Sarah Frisken’s career path has taken her from academics to industry and back again. An electrical engineer by training, Frisken is skilled in computer graphics and has applied her computational expertise in a variety of settings. Mostly recently, she brought her breadth of knowledge to Brigham and Women’s Hospital, where she now works as a research associate in the Department of Neurosurgery.
“I have experience in building commercial grade software and real time systems, which is unique for an academic researcher,” said Frisken.
Something else makes Frisken’s background unique: she is a former Disney consultant. After a foray into academia, Frisken brought her graphics knowledge to Disney’s 2D animation department.
At the time, Disney was still drawing all animations by hand—for reference, it takes about a million drawings to complete a full-length feature film that way. The company wanted to go digital but was having a hard time finding a digital drawing system that fit the needs of animators. Frisken used her knowledge of graphics and shape representation to create software for this purpose. After two years as a contractor for Disney, Frisken leveraged insights and knowhow that she gained there, built a company that produced digital drawing software for every-day artists and eventually sold the company.
Shifting to the Brain
Frisken’s departure from the commercial world allowed her to follow a path to research she has always been drawn to. “When I was a PhD student, anytime I went to a talk about medical topics, I would come out really excited. This seemed like the right time in my life to throw myself into this work,” said Frisken.
There was a steep learning curve for Frisken entering the BWH Department of Neurosurgery to study brain shift—a problem that has complicated neurosurgery for years. “I’d taken a human anatomy course as a postdoc, but other than that I knew next to nothing about brains or surgery,” said Frisken.
Brain shift occurs during brain surgery when factors, like changes in fluid levels and resection of the tumor tissue, alter the shape of the brain. The surgeons might be targeting a tumor to remove, but it’s often close in proximity to important functional components of the brain that need to remain intact. During pre-surgical imaging, the brain is mapped out so surgeons can avoid these important functional areas. Brain shift invalidates a lot of the pre-surgical image data because the functional areas shift positions from the original map, making them difficult to locate.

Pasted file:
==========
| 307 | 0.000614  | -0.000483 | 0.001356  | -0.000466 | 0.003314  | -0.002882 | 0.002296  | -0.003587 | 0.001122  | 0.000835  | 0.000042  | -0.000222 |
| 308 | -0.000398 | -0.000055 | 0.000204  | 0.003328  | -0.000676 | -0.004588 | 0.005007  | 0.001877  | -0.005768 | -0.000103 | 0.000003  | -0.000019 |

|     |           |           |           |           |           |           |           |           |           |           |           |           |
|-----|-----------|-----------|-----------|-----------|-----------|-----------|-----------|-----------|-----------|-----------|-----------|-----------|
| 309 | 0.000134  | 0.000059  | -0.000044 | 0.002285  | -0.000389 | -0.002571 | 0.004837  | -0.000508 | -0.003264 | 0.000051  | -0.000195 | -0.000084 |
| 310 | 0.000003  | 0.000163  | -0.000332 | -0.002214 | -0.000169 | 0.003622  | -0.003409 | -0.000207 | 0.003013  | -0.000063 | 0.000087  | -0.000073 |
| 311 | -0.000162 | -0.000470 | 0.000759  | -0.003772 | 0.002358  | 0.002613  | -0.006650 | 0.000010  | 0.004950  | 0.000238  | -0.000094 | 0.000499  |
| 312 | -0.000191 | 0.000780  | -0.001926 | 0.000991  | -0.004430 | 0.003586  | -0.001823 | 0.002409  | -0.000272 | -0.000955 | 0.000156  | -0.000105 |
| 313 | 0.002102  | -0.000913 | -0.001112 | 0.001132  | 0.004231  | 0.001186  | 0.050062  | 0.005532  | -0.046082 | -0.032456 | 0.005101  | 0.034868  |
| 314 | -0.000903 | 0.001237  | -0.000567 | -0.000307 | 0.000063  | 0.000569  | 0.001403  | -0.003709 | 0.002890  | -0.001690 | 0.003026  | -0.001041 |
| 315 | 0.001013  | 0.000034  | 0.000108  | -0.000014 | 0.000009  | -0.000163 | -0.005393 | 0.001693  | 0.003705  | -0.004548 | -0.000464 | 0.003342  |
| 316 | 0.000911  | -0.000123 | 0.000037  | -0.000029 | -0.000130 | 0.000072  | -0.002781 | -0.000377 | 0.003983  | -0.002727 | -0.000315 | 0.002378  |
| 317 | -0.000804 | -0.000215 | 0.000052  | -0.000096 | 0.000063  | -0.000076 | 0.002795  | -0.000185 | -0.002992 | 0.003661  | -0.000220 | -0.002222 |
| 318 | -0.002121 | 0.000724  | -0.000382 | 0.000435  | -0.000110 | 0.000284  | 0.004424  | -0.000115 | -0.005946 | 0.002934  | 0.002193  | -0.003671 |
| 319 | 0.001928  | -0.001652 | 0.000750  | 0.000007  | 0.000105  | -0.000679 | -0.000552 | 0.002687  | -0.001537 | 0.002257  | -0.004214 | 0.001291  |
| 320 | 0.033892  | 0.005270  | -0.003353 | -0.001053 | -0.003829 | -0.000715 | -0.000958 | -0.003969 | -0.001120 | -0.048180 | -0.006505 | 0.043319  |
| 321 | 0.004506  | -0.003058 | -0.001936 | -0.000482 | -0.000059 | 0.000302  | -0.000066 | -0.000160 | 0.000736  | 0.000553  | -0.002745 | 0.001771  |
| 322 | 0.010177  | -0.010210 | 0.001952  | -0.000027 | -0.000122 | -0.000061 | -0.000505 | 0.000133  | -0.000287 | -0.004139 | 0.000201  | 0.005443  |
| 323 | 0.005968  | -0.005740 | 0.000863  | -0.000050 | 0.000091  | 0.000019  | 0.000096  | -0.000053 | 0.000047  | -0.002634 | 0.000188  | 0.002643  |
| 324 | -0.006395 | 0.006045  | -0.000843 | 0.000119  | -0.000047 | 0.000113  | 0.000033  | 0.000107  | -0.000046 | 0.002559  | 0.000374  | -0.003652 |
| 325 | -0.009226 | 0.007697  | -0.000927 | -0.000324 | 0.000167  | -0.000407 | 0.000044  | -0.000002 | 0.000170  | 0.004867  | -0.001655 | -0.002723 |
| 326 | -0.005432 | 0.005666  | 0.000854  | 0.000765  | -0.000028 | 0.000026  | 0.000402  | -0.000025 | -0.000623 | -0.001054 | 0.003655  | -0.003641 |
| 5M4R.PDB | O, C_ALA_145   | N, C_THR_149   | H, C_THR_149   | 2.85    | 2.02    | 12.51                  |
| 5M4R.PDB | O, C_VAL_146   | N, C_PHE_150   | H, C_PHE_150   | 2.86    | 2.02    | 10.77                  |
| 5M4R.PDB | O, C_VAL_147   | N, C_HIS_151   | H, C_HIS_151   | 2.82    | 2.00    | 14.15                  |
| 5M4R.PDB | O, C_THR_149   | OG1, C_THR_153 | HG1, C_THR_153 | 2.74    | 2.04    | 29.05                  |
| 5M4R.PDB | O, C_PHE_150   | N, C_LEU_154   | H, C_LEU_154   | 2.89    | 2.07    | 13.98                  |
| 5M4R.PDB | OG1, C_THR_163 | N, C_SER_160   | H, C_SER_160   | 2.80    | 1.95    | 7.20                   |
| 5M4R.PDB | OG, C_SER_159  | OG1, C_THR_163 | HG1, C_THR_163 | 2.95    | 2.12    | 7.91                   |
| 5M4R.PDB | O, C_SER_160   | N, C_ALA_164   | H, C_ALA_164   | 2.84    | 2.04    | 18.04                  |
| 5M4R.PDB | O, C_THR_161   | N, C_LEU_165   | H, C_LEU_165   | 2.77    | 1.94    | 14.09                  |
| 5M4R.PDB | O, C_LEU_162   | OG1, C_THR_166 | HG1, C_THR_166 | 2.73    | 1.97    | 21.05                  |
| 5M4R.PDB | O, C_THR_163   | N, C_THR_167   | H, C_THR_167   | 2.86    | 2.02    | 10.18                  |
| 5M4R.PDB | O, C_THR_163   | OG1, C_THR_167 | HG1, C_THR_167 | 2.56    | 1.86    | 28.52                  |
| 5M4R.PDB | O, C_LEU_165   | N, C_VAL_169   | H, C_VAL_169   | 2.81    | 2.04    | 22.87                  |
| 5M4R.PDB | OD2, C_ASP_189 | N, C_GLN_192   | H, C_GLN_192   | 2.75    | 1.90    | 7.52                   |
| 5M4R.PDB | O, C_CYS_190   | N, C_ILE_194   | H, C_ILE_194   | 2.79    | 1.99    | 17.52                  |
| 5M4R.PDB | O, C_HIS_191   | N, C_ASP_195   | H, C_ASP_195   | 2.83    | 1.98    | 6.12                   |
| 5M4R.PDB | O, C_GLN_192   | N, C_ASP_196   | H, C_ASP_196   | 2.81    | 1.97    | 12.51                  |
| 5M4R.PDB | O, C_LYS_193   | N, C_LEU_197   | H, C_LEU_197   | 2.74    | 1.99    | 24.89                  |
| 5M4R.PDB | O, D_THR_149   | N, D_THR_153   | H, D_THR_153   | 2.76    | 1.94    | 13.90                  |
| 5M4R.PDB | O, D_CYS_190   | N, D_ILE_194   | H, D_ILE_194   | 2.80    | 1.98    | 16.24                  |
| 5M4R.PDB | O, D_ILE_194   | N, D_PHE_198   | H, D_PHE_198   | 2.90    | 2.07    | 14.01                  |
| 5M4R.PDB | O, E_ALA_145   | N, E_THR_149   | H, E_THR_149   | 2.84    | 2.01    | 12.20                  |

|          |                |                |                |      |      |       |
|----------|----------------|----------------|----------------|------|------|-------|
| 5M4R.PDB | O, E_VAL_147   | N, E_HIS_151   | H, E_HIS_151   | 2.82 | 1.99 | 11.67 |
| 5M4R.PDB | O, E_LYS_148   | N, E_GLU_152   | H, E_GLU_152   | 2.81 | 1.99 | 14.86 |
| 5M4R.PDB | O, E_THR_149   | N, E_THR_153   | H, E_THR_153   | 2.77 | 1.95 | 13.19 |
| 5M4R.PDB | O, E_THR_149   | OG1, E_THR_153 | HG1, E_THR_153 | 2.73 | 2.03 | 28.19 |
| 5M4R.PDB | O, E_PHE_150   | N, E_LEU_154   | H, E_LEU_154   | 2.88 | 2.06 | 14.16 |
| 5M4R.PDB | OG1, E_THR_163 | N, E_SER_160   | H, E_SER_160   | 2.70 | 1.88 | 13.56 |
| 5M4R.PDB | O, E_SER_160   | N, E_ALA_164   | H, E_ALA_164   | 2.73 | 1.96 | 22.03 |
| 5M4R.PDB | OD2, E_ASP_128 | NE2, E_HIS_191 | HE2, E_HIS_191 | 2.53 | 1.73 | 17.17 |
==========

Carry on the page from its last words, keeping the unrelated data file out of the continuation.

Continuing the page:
Frisken is working on ways to measure and model how the brain deforms during surgery and use computer modeling to map where those important regions of the brain have moved during the deformation. This ultimately will provide surgeons with an up-to-date map even after brain shift has occurred. Over the last year, Frisken has collected data during surgery to determine how best to gather this kind of information in real time. Now, she’s working on how to integrate the mapping and modeling piece.
“People have been working on this kind of mapping all over the world for about 20 years now, but what we are doing a little differently is focusing on running this model continuously—not just once or twice during surgery,” said Frisken.
Frisken is gathering more funding for the project, and, over the next year, she will continue designing a new ultrasound device that will allow data collection for surgical mapping to occur much more frequently.